This is an excerpt from Dr. Deborah Tannen's advice on writing a discourse paper:
Avoid the generic masculine. Although some prescriptive grammarians proclaim that "he" means "he or she," linguists are descriptivists, not prescriptivists. According to Mühlhäusler and Harré (Pronouns and People), the generic masculine was a grammatical innovation that did not emerge as the natural development of language use but was imposed by grammarians in the 18th and 19th centuries, based on Latin grammar; before that, from at least about 1500, the correct sex-indefinite pronoun was "they," as it still is in spoken English. Furthermore, who is to say it is better to violate gender agreement rather than number? More important, research shows that readers and hearers think "masculine" when they read or hear "he," "him," "himself," etc. Try plural; try rewording your sentence; you may resort to "one," "s/he," "she or he," or "he or she."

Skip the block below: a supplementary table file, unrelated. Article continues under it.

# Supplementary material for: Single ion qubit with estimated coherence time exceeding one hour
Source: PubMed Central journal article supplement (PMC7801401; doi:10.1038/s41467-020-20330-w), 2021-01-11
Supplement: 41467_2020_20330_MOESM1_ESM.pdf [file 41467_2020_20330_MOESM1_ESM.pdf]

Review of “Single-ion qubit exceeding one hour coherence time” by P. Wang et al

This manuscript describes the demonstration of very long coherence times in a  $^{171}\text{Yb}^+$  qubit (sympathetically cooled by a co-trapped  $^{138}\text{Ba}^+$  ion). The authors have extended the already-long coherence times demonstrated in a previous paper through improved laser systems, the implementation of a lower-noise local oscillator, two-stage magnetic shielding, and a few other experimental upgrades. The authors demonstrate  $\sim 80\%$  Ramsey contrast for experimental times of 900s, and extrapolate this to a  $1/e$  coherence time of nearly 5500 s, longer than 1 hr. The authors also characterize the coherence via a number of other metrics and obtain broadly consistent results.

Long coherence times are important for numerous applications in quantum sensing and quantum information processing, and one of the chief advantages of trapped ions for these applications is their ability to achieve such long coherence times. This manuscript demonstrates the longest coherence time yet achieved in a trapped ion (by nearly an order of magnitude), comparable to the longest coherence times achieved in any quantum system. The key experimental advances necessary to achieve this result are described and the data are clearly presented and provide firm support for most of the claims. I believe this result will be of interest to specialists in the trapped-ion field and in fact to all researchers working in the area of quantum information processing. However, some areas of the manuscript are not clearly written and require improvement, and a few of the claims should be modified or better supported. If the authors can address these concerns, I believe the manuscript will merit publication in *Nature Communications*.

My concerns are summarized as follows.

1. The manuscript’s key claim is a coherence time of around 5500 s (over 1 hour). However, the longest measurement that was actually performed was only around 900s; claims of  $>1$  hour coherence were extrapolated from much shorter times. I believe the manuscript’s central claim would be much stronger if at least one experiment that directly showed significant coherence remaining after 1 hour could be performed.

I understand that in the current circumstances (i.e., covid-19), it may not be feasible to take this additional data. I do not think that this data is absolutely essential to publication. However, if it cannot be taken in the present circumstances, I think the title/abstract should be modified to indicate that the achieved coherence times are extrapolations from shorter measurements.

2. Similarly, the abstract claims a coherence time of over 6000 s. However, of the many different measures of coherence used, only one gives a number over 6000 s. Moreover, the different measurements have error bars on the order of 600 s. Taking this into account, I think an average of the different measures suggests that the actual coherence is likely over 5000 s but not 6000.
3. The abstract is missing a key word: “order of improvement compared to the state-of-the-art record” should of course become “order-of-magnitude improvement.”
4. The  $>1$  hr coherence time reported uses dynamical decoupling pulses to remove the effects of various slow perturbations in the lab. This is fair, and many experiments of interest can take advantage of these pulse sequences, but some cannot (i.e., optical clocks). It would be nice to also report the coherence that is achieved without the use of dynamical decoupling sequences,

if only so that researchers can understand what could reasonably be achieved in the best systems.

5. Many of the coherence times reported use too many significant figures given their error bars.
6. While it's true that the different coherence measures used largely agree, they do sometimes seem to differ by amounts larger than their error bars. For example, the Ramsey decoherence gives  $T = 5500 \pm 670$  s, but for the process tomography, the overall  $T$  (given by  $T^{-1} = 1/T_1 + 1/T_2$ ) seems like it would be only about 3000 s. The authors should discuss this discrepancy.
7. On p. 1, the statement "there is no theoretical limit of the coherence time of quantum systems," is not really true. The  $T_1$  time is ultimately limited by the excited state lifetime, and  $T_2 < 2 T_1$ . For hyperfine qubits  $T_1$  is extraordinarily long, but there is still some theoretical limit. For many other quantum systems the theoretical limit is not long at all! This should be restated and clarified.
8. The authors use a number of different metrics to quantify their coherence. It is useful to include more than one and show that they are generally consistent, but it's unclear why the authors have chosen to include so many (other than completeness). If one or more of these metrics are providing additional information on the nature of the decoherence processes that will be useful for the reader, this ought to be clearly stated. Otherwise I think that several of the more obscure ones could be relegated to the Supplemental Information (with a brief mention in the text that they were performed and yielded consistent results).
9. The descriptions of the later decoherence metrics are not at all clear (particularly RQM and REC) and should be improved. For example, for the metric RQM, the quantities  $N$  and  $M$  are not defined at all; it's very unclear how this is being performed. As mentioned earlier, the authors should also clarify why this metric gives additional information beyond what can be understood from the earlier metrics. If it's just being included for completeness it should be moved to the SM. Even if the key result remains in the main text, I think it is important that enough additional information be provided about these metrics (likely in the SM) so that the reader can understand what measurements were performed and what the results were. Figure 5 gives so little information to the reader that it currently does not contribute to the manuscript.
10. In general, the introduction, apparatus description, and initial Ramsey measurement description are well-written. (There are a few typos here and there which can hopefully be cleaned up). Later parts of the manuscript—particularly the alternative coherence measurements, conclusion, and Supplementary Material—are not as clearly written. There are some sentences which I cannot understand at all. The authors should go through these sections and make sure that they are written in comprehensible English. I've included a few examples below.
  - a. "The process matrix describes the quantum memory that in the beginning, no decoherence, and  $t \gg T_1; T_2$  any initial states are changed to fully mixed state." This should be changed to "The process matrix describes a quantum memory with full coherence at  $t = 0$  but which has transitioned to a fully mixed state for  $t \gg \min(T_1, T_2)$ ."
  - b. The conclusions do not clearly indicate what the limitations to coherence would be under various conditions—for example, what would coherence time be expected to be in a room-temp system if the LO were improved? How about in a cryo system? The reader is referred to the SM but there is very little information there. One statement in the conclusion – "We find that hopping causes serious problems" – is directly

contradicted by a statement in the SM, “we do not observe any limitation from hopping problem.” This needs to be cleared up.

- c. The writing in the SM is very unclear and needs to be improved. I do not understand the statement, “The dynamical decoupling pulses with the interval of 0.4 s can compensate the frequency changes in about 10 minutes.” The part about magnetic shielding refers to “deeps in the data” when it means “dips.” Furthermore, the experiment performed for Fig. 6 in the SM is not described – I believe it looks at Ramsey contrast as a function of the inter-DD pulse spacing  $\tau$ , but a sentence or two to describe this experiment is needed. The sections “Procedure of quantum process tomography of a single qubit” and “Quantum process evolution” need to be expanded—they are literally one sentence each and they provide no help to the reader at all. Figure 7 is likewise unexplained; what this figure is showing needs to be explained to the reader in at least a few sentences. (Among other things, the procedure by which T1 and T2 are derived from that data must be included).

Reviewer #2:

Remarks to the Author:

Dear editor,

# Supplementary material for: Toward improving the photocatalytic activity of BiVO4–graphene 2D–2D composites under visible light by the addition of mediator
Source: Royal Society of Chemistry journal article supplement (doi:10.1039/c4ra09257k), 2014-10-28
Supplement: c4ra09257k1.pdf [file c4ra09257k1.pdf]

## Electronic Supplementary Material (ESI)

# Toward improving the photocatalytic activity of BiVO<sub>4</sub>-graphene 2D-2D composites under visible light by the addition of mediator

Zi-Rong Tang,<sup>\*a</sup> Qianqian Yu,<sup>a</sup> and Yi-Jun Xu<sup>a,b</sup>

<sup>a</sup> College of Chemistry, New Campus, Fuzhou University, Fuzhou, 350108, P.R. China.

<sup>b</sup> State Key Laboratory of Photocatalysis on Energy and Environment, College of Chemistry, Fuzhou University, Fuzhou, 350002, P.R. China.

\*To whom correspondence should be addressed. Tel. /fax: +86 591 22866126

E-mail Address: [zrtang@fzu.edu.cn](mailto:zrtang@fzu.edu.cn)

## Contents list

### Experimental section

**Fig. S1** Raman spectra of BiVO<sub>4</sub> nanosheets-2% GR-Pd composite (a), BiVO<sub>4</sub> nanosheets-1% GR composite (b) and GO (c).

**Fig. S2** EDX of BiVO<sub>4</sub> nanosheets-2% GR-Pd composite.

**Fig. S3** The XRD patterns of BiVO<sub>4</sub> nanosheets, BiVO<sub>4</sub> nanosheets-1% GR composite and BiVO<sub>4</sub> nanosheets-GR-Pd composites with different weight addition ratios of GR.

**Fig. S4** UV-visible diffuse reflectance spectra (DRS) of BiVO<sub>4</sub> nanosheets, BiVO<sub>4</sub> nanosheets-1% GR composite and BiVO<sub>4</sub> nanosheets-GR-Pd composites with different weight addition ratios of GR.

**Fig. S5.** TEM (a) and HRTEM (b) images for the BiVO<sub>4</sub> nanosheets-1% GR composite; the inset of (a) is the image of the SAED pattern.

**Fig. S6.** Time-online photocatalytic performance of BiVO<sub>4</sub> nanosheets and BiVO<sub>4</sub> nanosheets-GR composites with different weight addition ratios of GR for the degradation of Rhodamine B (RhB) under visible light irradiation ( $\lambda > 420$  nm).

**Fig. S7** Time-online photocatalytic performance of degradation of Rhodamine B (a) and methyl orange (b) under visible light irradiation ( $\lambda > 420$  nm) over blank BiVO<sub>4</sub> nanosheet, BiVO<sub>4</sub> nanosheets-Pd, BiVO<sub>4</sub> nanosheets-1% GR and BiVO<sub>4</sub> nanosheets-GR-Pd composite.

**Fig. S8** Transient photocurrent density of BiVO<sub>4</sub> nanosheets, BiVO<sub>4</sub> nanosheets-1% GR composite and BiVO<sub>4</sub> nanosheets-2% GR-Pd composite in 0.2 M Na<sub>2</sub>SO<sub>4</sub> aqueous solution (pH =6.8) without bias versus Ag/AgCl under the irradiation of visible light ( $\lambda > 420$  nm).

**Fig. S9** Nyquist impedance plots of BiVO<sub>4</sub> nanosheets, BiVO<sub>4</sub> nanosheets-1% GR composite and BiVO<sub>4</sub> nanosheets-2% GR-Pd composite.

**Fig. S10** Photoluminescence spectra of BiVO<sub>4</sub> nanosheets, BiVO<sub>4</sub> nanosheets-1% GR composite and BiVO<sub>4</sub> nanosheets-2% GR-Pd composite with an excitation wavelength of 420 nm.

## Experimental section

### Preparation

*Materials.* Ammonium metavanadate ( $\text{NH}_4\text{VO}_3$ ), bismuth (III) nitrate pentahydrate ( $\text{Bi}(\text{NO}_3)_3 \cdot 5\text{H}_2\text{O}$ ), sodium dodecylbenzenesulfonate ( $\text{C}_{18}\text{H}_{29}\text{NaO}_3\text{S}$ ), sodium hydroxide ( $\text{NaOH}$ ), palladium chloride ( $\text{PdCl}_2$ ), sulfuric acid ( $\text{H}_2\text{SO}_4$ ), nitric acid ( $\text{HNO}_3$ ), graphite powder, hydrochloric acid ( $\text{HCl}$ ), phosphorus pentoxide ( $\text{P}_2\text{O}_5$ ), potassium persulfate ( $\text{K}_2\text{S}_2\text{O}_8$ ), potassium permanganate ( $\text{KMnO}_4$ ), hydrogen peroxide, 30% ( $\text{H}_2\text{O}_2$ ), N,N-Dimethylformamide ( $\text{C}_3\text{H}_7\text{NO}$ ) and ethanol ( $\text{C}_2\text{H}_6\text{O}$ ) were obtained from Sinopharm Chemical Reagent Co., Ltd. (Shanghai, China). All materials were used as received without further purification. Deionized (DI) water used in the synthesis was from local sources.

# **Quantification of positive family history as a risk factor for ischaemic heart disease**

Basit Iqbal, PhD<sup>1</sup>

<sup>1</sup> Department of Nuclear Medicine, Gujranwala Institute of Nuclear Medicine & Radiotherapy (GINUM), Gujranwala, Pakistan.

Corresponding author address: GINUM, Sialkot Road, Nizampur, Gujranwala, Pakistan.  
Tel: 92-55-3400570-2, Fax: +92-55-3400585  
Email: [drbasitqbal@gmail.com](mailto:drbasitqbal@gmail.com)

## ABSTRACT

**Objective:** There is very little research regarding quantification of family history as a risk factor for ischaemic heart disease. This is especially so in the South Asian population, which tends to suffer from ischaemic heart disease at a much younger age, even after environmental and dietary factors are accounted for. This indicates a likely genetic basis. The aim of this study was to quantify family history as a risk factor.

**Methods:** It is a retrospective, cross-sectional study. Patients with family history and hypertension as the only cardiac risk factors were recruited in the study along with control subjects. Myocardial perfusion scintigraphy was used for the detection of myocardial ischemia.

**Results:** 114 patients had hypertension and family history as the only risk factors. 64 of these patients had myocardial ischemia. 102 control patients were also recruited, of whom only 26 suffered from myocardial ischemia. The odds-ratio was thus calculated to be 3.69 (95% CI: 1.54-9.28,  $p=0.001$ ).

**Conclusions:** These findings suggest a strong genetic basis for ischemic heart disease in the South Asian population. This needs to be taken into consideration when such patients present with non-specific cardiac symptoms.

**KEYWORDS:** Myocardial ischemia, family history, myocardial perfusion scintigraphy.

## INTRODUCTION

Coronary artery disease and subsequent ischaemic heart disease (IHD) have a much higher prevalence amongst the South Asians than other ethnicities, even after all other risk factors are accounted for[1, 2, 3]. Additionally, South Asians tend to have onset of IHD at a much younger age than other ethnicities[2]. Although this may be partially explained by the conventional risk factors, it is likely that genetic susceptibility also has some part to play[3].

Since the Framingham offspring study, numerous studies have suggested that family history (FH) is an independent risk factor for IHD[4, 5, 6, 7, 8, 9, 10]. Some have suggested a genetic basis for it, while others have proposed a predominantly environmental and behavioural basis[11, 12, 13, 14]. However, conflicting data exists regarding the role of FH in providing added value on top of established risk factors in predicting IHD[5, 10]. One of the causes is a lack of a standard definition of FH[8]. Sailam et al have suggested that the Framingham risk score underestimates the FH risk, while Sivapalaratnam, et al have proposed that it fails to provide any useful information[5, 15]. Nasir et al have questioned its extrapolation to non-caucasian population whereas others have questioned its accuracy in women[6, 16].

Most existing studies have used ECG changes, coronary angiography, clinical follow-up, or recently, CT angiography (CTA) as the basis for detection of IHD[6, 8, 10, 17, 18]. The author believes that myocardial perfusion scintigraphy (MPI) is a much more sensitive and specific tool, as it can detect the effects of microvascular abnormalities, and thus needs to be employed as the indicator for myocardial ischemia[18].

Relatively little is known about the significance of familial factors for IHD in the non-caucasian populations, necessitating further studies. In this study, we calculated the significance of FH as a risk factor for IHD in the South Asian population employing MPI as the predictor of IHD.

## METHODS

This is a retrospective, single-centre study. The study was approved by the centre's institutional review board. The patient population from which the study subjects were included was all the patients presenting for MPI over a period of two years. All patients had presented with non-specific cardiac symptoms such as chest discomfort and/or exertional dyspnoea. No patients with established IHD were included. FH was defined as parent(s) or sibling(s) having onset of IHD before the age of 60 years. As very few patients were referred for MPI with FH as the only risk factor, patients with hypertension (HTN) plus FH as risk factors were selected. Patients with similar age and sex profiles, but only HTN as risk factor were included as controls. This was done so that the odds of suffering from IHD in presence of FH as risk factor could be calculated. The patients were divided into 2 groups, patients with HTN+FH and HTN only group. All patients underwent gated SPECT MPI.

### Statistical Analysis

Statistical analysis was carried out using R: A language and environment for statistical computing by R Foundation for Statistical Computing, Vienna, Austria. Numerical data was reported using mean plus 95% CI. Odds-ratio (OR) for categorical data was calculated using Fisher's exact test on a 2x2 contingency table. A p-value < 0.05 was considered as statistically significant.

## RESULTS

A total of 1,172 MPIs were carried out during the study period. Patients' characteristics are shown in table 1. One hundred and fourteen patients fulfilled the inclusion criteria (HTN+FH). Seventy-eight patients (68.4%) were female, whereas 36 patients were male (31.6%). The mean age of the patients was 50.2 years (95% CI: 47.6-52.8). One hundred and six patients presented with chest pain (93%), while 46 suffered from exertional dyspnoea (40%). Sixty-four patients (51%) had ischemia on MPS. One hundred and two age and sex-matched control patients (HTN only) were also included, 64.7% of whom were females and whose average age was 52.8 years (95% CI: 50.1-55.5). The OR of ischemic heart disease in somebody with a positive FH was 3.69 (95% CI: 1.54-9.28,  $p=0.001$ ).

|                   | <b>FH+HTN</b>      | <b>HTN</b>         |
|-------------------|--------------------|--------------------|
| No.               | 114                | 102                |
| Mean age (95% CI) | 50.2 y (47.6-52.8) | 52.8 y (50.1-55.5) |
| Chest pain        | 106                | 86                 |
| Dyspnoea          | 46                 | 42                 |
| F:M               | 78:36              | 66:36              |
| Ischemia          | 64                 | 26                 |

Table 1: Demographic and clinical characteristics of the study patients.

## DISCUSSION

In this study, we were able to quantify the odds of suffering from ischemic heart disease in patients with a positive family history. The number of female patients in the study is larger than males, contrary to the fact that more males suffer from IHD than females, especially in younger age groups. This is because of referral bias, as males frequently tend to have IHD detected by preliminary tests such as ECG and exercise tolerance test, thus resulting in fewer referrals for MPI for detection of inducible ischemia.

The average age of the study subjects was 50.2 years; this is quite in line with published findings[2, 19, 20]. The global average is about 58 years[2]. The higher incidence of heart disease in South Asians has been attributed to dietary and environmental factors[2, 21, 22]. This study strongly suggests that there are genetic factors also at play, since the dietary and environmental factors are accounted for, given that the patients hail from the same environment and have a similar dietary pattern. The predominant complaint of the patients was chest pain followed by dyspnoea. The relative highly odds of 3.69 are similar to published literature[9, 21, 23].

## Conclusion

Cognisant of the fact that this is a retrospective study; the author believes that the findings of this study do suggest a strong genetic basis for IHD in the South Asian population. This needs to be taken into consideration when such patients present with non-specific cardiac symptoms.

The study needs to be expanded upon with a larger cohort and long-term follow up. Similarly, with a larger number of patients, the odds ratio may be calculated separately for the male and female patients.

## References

And now you know.